Original Research ARTICLE
Pericellular innervation of neurons expressing abnormally hyperphosphorylated tau in the hippocampal formation of Alzheimer’s disease patients
- 1 Laboratorio de Circuitos Corticales (Centro de Tecnología Biomédica), Universidad Politécnica de Madrid, Madrid, Spain
- 2 Departamento de Neurobiología Funcional y de Sistemas, Instituto Cajal (CSIC), Madrid, Spain
Neurofibrillary tangles (NFT) represent one of the main neuropathological features in the cerebral cortex associated with Alzheimer’s disease (AD). This neurofibrillary lesion involves the accumulation of abnormally hyperphosphorylated or abnormally phosphorylated microtubule-associated protein tau into paired helical filaments (PHF-tau) within neurons. We have used immunocytochemical techniques and confocal microscopy reconstructions to examine the distribution of PHF-tau-immunoreactive (ir) cells, and their perisomatic GABAergic and glutamatergic innervations in the hippocampal formation and adjacent cortex of AD patients. Furthermore, correlative light and electron microscopy was employed to examine these neurons and the perisomatic synapses. We observed two patterns of staining in PHF-tau-ir neurons, pattern I (without NFT) and pattern II (with NFT), the distribution of which varies according to the cortical layer and area. Furthermore, the distribution of both GABAergic and glutamatergic terminals around the soma and proximal processes of PHF-tau-ir neurons does not seem to be altered as it is indistinguishable from both control cases and from adjacent neurons that did not contain PHF-tau. At the electron microscope level, a normal looking neuropil with typical symmetric and asymmetric synapses was observed around PHF-tau-ir neurons. These observations suggest that the synaptic connectivity around the perisomatic region of these PHF-tau-ir neurons was apparently unaltered.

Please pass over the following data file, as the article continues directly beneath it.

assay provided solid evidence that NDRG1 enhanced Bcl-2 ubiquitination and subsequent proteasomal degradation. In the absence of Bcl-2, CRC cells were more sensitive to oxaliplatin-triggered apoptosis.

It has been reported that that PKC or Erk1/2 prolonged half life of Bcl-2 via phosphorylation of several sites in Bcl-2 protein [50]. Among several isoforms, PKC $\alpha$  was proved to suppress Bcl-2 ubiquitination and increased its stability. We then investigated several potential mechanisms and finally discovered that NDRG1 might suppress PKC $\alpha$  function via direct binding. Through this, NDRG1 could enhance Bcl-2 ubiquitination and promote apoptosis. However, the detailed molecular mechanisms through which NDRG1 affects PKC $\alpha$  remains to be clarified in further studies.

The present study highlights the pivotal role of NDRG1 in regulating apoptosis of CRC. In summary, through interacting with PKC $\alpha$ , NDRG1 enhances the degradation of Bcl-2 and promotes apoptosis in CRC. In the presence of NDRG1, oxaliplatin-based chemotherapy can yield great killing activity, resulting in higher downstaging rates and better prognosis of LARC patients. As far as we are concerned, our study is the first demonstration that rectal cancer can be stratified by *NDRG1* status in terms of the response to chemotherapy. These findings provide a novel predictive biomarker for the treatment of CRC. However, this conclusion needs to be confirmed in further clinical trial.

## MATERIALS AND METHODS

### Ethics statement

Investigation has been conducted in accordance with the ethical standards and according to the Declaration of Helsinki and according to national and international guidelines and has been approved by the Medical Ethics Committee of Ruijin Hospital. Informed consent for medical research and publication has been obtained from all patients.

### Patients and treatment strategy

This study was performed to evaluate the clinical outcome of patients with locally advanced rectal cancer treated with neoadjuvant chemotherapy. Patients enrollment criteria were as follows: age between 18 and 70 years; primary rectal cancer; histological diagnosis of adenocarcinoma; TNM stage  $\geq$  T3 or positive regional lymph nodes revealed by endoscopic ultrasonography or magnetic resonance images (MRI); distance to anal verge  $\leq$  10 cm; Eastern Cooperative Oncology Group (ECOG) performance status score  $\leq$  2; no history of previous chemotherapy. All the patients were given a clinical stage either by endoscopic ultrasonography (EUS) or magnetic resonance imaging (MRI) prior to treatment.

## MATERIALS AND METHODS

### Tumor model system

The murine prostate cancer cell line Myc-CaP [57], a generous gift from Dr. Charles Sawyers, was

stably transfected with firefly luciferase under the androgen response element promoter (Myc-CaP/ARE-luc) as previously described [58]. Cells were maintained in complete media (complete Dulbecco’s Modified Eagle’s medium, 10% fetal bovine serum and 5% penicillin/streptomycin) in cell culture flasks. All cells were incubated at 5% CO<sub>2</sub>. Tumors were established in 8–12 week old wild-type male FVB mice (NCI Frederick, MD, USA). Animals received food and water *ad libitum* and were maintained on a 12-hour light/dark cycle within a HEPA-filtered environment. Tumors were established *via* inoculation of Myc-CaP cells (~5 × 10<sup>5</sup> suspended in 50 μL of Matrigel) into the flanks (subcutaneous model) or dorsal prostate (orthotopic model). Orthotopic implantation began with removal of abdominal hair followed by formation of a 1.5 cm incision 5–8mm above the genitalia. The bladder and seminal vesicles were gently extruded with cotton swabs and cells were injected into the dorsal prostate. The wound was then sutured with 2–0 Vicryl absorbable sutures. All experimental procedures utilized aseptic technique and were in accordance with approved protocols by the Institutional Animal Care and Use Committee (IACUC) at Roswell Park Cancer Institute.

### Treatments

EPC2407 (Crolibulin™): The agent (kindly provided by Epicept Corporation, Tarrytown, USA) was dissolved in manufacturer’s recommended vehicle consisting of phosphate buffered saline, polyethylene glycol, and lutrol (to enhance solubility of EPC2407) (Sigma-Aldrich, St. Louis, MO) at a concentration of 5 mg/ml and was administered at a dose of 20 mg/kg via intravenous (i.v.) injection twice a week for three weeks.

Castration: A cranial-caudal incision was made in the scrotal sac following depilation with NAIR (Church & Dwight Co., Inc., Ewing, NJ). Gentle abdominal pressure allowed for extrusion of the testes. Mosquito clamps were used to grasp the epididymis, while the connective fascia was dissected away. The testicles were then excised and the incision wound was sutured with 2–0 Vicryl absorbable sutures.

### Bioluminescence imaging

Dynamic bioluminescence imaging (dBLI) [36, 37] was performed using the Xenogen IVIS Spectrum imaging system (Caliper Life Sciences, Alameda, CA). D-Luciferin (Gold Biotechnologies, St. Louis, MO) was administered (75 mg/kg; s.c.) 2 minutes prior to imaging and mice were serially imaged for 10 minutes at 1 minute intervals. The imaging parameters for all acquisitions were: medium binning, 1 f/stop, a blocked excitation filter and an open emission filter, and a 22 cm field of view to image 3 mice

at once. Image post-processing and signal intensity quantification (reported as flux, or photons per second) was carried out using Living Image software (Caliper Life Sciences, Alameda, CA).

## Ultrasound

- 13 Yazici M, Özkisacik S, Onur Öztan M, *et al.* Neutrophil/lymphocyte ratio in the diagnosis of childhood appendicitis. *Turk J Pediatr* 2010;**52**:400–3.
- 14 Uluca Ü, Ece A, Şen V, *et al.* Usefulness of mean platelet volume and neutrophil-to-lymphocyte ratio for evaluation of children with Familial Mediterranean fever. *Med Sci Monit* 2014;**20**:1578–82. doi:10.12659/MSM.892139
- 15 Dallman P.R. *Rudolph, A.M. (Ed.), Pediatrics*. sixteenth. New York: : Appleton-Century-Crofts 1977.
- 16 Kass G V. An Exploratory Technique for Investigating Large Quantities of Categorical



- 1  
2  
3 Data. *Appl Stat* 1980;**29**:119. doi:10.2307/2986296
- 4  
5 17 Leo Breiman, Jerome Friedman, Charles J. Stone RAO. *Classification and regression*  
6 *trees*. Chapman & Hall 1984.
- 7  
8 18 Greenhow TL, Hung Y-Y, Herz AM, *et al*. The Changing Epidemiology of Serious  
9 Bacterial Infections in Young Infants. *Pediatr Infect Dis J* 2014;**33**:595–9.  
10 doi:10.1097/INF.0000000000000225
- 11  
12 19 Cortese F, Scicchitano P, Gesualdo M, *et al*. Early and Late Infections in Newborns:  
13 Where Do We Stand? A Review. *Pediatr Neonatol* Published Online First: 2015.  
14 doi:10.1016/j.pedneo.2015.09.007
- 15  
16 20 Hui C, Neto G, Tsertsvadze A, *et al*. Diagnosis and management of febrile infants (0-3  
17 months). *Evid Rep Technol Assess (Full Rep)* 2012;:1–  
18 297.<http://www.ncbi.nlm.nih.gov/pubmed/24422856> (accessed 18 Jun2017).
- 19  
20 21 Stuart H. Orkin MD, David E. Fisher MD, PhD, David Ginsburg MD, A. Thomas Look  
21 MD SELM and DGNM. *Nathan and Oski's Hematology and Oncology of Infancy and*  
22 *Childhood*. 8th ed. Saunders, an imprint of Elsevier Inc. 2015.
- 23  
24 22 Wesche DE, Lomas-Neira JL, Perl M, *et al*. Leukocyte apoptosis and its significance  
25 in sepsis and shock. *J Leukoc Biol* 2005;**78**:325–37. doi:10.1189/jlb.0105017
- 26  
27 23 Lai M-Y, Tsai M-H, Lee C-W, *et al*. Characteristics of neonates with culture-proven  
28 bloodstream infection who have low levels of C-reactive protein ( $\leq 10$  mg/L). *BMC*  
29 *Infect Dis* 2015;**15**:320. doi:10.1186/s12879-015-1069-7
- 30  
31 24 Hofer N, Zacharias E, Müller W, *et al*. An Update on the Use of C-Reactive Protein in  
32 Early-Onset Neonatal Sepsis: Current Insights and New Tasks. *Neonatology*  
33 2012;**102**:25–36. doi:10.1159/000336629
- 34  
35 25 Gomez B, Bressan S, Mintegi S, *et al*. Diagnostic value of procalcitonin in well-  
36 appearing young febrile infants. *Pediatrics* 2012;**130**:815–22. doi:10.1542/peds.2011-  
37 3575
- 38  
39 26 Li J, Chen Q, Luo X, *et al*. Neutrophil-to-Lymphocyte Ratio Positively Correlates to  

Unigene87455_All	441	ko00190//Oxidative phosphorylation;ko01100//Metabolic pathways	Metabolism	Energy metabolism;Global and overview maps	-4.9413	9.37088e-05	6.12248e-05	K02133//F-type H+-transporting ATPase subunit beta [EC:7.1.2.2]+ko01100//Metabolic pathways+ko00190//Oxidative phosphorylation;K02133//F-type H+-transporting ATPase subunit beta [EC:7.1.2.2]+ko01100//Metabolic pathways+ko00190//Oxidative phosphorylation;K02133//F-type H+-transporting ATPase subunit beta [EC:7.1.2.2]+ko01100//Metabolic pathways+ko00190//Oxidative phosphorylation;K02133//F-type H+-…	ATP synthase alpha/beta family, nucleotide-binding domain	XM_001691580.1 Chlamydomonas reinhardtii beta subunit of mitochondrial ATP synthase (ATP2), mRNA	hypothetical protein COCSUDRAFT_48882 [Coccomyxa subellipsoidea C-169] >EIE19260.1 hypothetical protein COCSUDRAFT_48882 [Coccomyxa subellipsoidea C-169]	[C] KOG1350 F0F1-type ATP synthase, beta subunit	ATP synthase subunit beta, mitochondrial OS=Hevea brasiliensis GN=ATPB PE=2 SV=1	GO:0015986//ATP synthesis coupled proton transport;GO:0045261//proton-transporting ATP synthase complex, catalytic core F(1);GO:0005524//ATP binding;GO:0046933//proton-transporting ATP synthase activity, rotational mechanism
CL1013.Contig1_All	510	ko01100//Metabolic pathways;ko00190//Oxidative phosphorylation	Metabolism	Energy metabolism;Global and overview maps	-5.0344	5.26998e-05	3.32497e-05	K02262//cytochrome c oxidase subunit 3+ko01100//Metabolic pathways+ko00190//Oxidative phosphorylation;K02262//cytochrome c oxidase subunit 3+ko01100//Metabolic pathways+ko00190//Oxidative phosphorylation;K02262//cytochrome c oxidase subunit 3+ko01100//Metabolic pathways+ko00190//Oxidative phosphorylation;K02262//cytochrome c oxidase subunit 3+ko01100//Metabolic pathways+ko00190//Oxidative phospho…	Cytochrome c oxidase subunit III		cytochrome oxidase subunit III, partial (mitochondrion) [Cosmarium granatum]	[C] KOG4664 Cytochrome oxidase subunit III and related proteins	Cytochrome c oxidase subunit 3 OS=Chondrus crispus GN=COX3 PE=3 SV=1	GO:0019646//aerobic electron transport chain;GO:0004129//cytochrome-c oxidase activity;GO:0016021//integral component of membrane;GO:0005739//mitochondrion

In the brain of patients with Alzheimer’s disease (AD) the microtubule-associated protein tau is abnormally hyperphosphorylated or abnormally phosphorylated on sites that are not found in normal adult human tau isolated from postmortem brain samples (Matsuo et al., 1994 ). In this state, tau is the major protein subunit of the paired helical filaments (PHF) that form neurofibrillary tangles (NFT), a hallmark of this disease (Kidd, 1963 ; Brion et al., 1985 ; Grundke-Iqbal et al., 1986 ; Kosik et al., 1986 ; Goedert and Spillantine, 2006 ). In AD brains, PHF-tau not only accumulates in NFT (Grundke-Iqbal et al., 1986 ) but also in the cytosol, mixed with other diffusely scattered abnormal fibers (Iqbal et al., 1986 ; Bancher et al., 1989 ). This diffuse cytoplasmic PHF-tau reactivity has been postulated to reflect an altered neuronal state that precedes the formation of compacted NFT (Tolnay and Probst, 1999 ).